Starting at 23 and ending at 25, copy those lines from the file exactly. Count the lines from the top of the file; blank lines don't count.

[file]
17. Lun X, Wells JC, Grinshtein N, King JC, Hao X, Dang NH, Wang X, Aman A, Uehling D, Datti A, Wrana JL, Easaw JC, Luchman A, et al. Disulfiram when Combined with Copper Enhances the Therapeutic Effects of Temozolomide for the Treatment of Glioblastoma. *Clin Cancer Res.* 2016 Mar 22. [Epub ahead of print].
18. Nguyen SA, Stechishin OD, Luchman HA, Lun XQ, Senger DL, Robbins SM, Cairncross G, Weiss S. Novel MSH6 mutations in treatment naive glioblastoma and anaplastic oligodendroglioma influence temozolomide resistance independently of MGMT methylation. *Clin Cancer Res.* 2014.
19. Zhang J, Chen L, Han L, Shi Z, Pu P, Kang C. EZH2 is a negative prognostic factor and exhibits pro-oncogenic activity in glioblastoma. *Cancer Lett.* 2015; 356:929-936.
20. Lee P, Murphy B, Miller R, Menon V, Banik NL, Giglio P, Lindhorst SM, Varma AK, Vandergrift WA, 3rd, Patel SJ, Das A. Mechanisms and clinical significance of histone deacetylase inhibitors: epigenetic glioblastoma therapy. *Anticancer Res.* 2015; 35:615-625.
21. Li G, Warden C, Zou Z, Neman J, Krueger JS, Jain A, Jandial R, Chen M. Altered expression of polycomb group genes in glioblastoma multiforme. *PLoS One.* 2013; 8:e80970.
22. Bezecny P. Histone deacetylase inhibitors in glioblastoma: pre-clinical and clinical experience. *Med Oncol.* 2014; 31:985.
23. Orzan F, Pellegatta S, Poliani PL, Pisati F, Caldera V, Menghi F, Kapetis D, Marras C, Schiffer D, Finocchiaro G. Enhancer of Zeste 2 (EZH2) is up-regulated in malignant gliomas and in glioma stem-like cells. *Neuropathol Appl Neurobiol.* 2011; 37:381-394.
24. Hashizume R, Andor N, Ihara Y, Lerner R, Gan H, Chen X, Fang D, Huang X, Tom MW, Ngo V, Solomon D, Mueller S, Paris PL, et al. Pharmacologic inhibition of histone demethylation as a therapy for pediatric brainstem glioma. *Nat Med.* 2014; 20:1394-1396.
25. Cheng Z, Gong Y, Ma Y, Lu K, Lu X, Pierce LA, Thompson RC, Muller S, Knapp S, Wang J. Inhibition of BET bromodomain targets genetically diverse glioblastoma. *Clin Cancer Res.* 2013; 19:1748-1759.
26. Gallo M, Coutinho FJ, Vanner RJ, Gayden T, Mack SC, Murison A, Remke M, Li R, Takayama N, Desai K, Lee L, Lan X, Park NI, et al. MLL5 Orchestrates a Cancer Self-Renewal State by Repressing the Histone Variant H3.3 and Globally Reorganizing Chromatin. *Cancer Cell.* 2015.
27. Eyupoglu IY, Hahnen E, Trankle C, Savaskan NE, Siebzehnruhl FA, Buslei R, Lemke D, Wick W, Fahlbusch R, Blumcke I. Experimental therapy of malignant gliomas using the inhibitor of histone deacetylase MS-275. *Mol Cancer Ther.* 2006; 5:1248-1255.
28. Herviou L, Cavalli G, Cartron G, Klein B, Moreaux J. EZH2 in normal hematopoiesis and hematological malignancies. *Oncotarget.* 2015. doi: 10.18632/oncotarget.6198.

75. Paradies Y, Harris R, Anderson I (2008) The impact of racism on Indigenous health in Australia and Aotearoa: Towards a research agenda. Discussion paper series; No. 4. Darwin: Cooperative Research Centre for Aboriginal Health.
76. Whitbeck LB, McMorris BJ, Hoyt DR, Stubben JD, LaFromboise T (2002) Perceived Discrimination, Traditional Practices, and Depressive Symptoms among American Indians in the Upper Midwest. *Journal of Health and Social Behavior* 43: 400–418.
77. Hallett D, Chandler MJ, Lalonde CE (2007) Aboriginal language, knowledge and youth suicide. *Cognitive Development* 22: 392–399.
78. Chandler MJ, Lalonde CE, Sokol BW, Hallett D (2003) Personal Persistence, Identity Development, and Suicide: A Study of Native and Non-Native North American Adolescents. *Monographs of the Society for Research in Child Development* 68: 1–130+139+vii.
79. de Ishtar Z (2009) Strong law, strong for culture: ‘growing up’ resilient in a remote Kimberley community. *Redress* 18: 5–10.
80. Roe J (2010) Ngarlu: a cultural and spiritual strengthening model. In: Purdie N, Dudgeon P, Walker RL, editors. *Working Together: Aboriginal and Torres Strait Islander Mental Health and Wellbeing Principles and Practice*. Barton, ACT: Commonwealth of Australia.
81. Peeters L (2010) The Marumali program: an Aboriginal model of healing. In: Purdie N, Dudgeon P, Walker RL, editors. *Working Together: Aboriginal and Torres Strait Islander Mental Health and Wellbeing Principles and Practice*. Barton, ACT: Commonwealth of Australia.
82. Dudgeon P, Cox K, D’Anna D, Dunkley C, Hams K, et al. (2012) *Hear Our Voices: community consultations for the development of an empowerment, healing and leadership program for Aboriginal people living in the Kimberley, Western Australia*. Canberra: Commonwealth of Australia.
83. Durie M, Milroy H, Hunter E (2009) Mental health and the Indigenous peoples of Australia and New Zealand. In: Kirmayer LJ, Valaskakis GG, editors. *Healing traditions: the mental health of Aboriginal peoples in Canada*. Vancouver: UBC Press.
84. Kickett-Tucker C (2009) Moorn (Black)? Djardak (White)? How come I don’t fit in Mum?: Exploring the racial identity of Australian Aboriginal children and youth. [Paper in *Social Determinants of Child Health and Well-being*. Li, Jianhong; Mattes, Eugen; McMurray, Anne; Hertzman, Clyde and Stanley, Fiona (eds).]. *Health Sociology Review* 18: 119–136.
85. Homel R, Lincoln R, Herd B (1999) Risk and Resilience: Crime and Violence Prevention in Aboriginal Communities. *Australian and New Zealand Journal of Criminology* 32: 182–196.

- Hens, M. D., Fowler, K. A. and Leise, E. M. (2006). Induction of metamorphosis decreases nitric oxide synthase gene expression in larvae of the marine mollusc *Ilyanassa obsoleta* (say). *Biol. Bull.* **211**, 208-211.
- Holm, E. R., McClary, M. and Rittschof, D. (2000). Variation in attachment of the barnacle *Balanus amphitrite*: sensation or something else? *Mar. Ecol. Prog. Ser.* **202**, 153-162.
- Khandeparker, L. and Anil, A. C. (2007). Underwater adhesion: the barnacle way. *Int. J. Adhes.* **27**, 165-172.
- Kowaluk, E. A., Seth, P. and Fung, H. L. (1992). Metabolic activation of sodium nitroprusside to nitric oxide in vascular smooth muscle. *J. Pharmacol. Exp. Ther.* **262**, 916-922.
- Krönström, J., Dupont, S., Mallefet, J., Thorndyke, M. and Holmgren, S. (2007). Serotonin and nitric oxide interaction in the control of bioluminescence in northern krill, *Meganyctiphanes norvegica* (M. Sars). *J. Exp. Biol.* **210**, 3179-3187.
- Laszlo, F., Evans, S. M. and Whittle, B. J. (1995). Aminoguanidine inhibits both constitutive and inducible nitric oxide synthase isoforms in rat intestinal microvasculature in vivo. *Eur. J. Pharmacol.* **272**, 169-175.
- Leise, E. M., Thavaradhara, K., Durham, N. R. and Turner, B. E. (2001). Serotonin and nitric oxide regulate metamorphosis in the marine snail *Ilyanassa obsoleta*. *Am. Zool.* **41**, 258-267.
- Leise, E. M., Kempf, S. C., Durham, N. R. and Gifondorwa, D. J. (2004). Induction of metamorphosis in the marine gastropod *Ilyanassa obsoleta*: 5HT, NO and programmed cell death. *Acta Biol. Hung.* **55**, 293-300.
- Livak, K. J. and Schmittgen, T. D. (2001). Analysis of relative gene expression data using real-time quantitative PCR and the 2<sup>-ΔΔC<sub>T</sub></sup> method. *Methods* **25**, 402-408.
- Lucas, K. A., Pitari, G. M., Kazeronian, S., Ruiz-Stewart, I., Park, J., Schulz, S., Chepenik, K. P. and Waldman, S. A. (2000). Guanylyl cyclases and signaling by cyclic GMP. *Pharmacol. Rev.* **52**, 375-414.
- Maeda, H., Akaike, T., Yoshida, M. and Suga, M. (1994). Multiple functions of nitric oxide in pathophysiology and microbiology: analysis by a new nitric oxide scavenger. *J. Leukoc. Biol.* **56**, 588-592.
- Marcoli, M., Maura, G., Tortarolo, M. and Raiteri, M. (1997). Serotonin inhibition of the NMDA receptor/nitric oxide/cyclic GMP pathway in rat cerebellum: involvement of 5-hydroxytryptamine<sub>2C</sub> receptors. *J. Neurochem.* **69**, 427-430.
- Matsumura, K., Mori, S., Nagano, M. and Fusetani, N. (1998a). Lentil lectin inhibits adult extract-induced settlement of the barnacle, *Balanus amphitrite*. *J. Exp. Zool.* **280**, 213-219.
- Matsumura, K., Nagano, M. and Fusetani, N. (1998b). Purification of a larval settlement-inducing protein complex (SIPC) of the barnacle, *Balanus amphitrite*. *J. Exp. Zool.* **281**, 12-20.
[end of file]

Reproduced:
85. Homel R, Lincoln R, Herd B (1999) Risk and Resilience: Crime and Violence Prevention in Aboriginal Communities. *Australian and New Zealand Journal of Criminology* 32: 182–196.

- Hens, M. D., Fowler, K. A. and Leise, E. M. (2006). Induction of metamorphosis decreases nitric oxide synthase gene expression in larvae of the marine mollusc *Ilyanassa obsoleta* (say). *Biol. Bull.* **211**, 208-211.
- Holm, E. R., McClary, M. and Rittschof, D. (2000). Variation in attachment of the barnacle *Balanus amphitrite*: sensation or something else? *Mar. Ecol. Prog. Ser.* **202**, 153-162.